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PULSE CONQUERING CANCER.

Byline: Mariko Thompson Staff Writer

Hap Weyman had always been the mountain in his son Terry's life. So scaling mountains seemed like an appropriate way to honor Hap, who died of prostate cancer in 1990.

Terry, a sports chiropractor in Westlake Village, organized the first Hap Weyman Memorial Prostate Cancer Climb in 2001. A team of 14 climbers reached the summit of Mount Aconcagua, Argentina, and raised $250,000 for prostate cancer awareness and education. Now Terry and the nonprofit Prostate Cancer Research Institute are working on a second high-altitude climb to tackle Mount Kilimanjaro in Tanzania in September.

``When you stand at the base of a 23,000-foot mountain, it's probably the same feeling you have when you're diagnosed with cancer,'' Terry said. ``You either stay in your tent or climb for the summit.''

In 2002, an estimated 30,200 men died of prostate cancer in the United States, according to the American Cancer Society. Only lung cancer accounts for more cancer-related deaths among men. Glenn Weaver, executive director of the Los Angeles-based Prostate Cancer Research Institute, said many people aren't aware of the parallels between prostate cancer and breast cancer.

``If you have a family member who had breast cancer, it puts you at high risk for prostate cancer and vice versa,'' he said. ``Prostate cancer needs as much effort put into it as breast cancer.''

Hap, who died at age 65, worked as a production manager in the movie industry. Initially, he was diagnosed with lower back pain and arthritis, Terry said. Today, the American Cancer Society recommends men undergo screening for prostate cancer starting at age 50. Men at high risk, including those with a family history and African-Americans, are encouraged to begin testing at age 45.

Terry won't be among the climbers for the Kilimanjaro trip. But he plans to remain a driving force behind the event.

``We're not just raising money but awareness,'' Terry said. ``Men don't want to deal with health problems until it happens. They're afraid of the exams and tests. As a society, we need to talk about our bodies and be aware of the risk factors.''

For more information, visit www.prostatecancerclimb.com or www.pcri.org. The PCRI will offer free screenings Sept. 5-6 at the Hilton Burbank Airport and Convention Center.

EXERCISE IS GOLDEN: Inactivity is a hazard to health, especially for those over the age of 50. In order to live healthy, independent lives, older adults need to maintain their endurance, strength, balance and flexibility, according to the National Institute on Aging. To help older adults create an exercise plan, the institute has published a book called ``Fitness Over Fifty'' (Hatherleigh Press; $15.95). The guide illustrates different types of exercises and provides medical safety tips.

THE FACTS ON BREAST CANCER: Faced with a diagnosis of breast cancer, the last thing a woman wants to do is navigate the overwhelming amount of information on the disease. So Charyn Pfeuffer, a journalist certified as a breast health educator by the American Cancer Society, decided to take on the job. She distills and organizes what women need to know in ``Breast Cancer Q&A'' (Avery; $14.95). Pfeuffer provides the answers to the 100 most frequently asked questions, moving through breast cancer basics, screenings, treatments and after care. Breast cancer is the second-most-common cancer in women. An estimated 205,000 new cases of breast cancer were diagnosed in 2002, according to the American Cancer Society.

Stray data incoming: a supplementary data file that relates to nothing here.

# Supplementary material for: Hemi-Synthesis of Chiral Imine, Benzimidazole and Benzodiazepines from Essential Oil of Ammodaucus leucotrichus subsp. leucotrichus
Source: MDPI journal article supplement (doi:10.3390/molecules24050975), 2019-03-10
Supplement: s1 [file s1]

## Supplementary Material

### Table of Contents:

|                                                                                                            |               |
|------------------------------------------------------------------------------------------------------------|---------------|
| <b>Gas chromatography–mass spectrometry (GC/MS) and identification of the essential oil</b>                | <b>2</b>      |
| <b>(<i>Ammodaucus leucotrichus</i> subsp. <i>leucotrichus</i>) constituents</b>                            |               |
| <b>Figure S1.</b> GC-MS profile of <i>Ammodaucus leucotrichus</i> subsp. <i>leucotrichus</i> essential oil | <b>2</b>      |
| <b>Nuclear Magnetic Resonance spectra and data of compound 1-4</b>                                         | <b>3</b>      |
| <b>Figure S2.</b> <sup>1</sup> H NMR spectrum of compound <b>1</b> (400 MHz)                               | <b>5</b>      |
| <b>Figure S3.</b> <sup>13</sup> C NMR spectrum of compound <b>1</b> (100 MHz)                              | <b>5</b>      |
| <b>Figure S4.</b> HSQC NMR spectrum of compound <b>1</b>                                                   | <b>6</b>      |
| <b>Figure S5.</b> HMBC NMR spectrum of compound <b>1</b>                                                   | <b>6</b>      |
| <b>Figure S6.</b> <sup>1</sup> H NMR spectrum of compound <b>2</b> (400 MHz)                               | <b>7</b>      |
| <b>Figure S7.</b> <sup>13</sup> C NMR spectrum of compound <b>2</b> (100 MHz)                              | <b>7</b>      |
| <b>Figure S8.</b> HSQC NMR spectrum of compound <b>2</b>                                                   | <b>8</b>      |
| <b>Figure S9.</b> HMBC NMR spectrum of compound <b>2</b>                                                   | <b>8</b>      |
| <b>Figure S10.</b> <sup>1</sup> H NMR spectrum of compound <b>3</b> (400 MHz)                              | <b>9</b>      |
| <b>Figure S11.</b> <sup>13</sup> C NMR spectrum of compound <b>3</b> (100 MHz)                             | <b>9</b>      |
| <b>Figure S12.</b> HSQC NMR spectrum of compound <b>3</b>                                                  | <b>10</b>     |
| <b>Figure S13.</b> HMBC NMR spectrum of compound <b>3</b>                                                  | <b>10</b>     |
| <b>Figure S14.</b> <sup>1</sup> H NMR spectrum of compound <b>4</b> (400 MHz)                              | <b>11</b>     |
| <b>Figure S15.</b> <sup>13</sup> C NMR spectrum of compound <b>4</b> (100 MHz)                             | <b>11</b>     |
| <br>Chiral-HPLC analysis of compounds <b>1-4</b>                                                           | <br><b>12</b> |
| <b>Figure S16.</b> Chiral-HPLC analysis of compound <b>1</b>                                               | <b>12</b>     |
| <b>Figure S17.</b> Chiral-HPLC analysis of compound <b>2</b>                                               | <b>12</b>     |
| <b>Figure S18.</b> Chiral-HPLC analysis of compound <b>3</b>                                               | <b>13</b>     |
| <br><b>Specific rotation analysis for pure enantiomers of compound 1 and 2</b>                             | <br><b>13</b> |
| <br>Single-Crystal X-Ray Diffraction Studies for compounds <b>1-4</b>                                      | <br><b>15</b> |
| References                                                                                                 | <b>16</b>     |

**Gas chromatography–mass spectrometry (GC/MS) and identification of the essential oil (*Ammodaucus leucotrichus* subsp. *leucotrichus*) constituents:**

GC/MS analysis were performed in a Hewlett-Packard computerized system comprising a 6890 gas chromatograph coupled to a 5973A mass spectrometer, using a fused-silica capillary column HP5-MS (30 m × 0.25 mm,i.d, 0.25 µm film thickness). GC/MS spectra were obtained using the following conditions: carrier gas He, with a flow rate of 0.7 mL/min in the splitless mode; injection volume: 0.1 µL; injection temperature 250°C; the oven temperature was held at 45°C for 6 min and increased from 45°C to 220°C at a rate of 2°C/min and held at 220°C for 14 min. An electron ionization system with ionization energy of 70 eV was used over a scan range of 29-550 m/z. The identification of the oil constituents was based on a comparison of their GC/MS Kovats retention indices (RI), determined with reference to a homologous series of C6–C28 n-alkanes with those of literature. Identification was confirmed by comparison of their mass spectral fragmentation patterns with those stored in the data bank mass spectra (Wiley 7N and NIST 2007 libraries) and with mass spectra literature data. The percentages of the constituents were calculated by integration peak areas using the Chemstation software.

MRI VS. PET SCANS: It's hard enough to say esophagogastroduodenoscopy, much less determine if you should have one done to you. The doctors at Johns Hopkins Medical School explain common tests, how they're performed, and how results are evaluated in ``The Johns Hopkins Consumer Guide to Medical Tests'' (Rebus; $39.95). The book, with Dr. Simeon Margolis serving as medical editor, will tell you the difference between MRI and PET scans, what the potential benefits and drawbacks of screening tests are, and even the approximate cost of the test. In case you wanted to know, an esophagogastroduodenoscopy is a test to detect problems in the esophagus, stomach and upper portion of the small intestine.

HAPPY FATHER'S DAY: Send Dad a message of good health for Father's Day. The National Cancer Institute is offering free animated e-cards that remind Dads to eat nine servings of fruits and vegetables a day. A diet rich in fruits and vegetables reduces the risk of many cancers, heart disease, high blood pressure, diabetes and stroke. Visit the NCI Web site at 9aday.cancer.gov to link to the e-card sample and form.

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(1) ``We're not just raising money but awareness. ... As a society, we need to talk about our bodies and be aware of the risk factors,'' says Westlake Village resident Terry Weyman, organizer of the Hap Weyman Memorial Prostate Cancer Climb.

Tina Burch/Staff Photographer

(2 -- 4) no caption (Book covers)
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Publication:Daily News (Los Angeles, CA)
Date:Jun 9, 2003
Words:818
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